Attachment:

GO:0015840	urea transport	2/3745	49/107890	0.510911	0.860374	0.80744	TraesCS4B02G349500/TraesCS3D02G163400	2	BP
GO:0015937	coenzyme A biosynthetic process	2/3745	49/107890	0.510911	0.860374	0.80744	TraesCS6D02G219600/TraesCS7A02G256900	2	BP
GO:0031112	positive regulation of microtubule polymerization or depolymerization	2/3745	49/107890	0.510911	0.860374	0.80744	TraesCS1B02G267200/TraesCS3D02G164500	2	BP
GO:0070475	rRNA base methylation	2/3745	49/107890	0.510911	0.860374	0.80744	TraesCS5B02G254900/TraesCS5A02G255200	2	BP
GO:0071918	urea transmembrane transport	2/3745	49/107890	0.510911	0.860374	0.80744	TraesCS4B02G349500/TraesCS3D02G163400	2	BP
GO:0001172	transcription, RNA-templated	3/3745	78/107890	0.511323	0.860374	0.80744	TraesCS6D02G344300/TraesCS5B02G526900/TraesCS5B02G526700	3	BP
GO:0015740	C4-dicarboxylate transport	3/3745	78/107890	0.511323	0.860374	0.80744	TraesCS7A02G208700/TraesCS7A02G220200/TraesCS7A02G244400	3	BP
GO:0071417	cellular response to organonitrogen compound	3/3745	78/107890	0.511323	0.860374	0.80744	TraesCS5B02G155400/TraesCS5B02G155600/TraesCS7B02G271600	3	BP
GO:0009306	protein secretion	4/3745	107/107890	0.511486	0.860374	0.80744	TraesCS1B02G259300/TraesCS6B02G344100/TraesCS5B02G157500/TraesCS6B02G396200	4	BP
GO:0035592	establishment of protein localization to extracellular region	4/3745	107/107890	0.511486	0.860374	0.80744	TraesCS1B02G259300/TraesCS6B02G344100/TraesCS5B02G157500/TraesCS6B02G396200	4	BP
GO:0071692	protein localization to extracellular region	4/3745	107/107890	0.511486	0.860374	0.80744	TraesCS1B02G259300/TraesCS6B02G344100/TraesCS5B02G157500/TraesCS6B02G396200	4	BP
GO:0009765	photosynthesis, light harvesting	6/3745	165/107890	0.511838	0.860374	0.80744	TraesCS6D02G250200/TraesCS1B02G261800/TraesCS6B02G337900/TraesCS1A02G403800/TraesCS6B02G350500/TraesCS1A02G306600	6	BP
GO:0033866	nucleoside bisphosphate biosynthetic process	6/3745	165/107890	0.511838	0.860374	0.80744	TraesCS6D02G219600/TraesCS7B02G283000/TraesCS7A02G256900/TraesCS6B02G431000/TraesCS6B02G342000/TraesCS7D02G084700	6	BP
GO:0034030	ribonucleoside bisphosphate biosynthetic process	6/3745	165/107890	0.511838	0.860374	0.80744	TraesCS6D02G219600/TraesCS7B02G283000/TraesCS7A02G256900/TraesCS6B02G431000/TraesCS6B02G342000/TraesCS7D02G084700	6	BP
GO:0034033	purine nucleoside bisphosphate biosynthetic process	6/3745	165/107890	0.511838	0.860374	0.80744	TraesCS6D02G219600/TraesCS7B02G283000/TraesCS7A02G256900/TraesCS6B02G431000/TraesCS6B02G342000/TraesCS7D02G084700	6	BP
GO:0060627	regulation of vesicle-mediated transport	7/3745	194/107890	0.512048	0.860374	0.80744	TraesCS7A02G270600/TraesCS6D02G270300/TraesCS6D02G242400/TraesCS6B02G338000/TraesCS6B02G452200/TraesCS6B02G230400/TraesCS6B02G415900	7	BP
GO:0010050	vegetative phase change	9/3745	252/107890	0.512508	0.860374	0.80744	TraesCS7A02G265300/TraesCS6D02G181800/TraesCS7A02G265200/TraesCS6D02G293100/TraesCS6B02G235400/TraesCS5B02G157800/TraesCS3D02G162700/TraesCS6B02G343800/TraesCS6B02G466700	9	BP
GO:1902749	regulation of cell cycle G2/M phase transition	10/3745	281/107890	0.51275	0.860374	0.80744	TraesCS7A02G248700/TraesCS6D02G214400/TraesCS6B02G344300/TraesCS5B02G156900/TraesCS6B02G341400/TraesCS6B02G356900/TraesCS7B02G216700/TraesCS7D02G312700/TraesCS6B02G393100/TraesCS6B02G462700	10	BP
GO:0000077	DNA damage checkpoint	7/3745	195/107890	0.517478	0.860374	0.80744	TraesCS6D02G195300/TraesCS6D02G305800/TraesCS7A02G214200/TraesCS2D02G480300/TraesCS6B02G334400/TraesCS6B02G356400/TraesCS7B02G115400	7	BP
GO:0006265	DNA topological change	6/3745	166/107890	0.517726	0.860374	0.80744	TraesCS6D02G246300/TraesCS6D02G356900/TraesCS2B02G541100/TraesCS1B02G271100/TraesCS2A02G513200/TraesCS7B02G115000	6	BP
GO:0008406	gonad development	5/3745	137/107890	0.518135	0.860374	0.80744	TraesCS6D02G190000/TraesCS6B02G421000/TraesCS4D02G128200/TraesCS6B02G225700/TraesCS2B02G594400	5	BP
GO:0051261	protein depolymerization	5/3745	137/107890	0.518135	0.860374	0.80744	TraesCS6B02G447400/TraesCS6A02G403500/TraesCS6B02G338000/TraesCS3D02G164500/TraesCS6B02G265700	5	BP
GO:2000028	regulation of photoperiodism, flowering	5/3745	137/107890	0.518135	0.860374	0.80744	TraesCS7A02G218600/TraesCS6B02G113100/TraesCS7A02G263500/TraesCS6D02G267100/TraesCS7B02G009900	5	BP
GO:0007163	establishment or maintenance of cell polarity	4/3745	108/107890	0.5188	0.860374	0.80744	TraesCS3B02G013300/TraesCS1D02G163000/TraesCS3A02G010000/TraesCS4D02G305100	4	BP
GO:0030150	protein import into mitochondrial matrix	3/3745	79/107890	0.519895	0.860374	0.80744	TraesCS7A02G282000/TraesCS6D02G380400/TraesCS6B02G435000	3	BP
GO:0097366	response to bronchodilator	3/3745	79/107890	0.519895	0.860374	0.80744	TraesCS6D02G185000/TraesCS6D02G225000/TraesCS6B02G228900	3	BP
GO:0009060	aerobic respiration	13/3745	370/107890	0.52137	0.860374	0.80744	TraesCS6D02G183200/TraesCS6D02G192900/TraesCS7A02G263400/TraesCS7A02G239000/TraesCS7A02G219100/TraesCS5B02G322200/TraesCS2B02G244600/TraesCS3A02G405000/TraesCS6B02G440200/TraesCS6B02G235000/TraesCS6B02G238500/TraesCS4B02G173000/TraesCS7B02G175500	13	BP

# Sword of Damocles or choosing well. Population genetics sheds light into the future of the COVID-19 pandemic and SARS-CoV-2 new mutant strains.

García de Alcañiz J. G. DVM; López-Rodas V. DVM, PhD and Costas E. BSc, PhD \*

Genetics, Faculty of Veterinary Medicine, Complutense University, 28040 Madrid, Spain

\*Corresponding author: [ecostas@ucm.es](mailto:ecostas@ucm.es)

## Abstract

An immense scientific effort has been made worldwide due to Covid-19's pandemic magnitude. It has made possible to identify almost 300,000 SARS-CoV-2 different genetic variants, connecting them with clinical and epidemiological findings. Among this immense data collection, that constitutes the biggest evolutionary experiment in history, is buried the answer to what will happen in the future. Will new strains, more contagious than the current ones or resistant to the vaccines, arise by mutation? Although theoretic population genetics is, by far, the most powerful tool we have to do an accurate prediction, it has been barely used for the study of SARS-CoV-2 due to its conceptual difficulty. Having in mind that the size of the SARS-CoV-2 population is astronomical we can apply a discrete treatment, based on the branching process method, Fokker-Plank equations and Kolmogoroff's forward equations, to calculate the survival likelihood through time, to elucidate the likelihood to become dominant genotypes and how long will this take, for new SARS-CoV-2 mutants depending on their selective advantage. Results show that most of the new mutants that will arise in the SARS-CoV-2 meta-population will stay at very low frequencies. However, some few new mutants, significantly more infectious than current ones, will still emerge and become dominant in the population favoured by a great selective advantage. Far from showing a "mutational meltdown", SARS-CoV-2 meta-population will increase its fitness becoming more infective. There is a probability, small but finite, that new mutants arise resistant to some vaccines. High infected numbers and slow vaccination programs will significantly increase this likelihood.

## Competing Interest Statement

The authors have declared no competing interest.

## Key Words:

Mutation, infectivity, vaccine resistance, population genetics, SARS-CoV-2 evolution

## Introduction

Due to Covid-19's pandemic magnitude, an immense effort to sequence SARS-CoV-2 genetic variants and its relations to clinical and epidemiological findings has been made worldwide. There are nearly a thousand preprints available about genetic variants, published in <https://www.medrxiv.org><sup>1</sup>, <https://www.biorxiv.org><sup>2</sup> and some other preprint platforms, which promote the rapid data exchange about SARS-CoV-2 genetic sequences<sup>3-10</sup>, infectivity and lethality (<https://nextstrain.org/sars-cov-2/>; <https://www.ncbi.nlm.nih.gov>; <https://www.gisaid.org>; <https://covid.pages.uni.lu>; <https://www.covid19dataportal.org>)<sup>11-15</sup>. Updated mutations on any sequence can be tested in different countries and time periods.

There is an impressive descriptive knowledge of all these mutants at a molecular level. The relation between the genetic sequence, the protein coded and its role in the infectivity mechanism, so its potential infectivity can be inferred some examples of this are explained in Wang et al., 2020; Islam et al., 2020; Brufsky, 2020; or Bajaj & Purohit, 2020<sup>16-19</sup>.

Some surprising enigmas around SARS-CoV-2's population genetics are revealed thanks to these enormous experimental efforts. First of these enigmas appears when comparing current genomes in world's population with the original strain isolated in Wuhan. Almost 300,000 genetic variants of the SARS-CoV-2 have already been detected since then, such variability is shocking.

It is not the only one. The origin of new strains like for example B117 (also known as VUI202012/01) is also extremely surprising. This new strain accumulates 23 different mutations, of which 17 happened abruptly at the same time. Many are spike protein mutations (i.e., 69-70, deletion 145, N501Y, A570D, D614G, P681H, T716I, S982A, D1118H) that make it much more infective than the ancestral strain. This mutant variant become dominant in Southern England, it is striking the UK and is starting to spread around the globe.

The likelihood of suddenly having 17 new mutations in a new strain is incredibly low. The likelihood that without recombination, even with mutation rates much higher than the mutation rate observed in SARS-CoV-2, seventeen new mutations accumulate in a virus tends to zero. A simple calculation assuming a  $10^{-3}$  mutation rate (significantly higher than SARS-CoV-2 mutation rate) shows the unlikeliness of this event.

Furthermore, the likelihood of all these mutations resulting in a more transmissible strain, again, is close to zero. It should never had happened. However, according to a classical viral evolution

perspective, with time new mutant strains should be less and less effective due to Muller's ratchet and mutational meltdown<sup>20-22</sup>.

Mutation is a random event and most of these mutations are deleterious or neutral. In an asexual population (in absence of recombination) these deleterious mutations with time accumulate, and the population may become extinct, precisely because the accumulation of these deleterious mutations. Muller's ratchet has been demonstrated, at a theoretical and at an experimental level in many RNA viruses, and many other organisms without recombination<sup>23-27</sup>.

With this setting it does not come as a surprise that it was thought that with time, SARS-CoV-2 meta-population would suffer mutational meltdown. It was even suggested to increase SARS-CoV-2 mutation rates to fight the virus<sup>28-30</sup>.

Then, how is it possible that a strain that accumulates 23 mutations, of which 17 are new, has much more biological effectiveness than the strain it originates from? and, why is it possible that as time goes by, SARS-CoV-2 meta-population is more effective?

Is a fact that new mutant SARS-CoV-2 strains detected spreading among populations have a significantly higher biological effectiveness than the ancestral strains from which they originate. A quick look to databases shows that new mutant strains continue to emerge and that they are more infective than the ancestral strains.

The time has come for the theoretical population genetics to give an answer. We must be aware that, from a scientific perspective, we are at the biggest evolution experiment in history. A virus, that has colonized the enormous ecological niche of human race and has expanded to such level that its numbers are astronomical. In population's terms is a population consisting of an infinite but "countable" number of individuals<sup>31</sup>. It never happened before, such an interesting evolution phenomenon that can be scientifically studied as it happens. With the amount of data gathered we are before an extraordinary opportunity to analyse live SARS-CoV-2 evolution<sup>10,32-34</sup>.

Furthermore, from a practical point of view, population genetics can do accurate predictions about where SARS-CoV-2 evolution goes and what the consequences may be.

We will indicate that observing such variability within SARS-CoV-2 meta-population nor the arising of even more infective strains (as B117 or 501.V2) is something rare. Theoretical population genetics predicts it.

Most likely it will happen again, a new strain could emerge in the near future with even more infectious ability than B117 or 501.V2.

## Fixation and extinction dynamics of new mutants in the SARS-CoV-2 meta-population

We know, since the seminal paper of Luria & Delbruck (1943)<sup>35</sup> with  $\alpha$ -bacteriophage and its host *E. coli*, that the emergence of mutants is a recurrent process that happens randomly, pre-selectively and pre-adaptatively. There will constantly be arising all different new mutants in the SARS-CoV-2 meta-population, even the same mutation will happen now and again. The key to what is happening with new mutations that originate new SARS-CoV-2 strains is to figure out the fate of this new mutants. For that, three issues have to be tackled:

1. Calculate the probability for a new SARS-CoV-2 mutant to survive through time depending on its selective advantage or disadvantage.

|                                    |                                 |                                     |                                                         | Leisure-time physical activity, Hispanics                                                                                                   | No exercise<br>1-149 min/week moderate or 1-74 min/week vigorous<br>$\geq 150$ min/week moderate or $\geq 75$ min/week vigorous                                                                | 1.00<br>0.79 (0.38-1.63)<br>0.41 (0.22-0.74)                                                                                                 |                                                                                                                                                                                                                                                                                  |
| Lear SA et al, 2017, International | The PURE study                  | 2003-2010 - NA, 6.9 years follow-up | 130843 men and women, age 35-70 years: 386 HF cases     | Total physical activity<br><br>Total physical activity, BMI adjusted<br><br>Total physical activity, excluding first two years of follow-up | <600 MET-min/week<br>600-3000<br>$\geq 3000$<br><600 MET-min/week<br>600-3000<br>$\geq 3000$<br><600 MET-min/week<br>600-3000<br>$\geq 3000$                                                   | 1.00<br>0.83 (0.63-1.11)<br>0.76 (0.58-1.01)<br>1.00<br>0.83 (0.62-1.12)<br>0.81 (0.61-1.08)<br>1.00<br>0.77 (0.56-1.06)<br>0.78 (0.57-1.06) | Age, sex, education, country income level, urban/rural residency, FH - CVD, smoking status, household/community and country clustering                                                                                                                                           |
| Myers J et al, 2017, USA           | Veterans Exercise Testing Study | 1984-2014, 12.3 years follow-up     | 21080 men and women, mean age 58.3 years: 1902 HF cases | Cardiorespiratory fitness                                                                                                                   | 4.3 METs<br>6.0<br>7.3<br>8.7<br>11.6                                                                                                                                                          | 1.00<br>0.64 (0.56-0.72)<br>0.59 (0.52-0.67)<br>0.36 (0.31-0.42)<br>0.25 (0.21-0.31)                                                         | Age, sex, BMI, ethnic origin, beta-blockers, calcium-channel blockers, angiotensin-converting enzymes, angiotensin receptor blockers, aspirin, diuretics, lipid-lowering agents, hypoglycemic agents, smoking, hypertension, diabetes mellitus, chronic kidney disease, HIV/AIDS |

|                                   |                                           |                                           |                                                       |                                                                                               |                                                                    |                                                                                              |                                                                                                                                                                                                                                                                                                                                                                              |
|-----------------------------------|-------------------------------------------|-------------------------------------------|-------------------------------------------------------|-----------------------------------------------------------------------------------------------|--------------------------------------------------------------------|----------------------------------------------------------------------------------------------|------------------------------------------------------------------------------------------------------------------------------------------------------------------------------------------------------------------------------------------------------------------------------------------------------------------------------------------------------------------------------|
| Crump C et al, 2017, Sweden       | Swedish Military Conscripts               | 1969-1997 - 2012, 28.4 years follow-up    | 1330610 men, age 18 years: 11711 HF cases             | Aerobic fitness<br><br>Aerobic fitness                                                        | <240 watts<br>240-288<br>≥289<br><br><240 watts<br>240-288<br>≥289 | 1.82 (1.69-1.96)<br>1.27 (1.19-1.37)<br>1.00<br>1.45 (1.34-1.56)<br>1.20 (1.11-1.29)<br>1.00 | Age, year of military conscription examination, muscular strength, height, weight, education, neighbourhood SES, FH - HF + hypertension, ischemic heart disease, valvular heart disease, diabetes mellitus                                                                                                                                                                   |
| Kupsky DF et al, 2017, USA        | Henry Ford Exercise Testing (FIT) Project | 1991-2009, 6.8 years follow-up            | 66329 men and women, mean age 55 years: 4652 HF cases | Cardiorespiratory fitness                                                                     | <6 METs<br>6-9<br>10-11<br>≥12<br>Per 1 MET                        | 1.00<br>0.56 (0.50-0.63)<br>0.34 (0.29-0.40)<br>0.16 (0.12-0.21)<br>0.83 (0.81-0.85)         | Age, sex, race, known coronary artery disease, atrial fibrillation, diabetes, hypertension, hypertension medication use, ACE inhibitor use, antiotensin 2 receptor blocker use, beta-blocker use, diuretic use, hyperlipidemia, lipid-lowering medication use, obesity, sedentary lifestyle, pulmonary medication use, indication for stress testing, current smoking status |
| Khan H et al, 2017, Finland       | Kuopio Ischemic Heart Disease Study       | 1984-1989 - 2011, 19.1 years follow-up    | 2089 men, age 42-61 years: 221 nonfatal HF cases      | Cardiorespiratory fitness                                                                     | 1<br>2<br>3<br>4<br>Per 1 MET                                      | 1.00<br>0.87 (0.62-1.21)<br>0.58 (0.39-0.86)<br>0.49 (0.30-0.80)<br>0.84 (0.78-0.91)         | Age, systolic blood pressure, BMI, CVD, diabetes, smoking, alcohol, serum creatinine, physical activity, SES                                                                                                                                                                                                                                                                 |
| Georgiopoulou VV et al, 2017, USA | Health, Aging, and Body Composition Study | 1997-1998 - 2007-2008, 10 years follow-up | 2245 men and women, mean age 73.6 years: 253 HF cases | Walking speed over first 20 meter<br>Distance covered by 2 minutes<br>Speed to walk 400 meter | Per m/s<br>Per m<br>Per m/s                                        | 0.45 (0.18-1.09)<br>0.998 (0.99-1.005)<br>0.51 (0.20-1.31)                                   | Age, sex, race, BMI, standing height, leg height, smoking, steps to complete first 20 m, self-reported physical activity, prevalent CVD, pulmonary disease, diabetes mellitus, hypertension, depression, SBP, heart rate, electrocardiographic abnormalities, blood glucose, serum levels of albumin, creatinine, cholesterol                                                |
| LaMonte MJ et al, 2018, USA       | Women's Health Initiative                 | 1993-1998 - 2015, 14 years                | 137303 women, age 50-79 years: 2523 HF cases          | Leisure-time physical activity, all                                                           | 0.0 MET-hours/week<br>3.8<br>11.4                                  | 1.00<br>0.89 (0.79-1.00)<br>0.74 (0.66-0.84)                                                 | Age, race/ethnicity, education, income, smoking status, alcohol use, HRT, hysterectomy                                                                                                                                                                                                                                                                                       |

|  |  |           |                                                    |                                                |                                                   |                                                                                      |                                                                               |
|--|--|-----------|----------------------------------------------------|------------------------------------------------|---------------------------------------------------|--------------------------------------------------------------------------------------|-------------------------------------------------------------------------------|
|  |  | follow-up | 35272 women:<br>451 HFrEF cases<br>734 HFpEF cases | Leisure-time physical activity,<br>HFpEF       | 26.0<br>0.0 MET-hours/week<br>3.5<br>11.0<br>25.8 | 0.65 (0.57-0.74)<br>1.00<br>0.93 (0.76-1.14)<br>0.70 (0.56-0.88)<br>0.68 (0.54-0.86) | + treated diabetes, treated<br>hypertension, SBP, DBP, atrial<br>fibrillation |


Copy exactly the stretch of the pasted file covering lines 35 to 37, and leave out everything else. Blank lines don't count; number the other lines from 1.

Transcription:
The authors have declared no competing interest.

## Key Words:

Mutation, infectivity, vaccine resistance, population genetics, SARS-CoV-2 evolution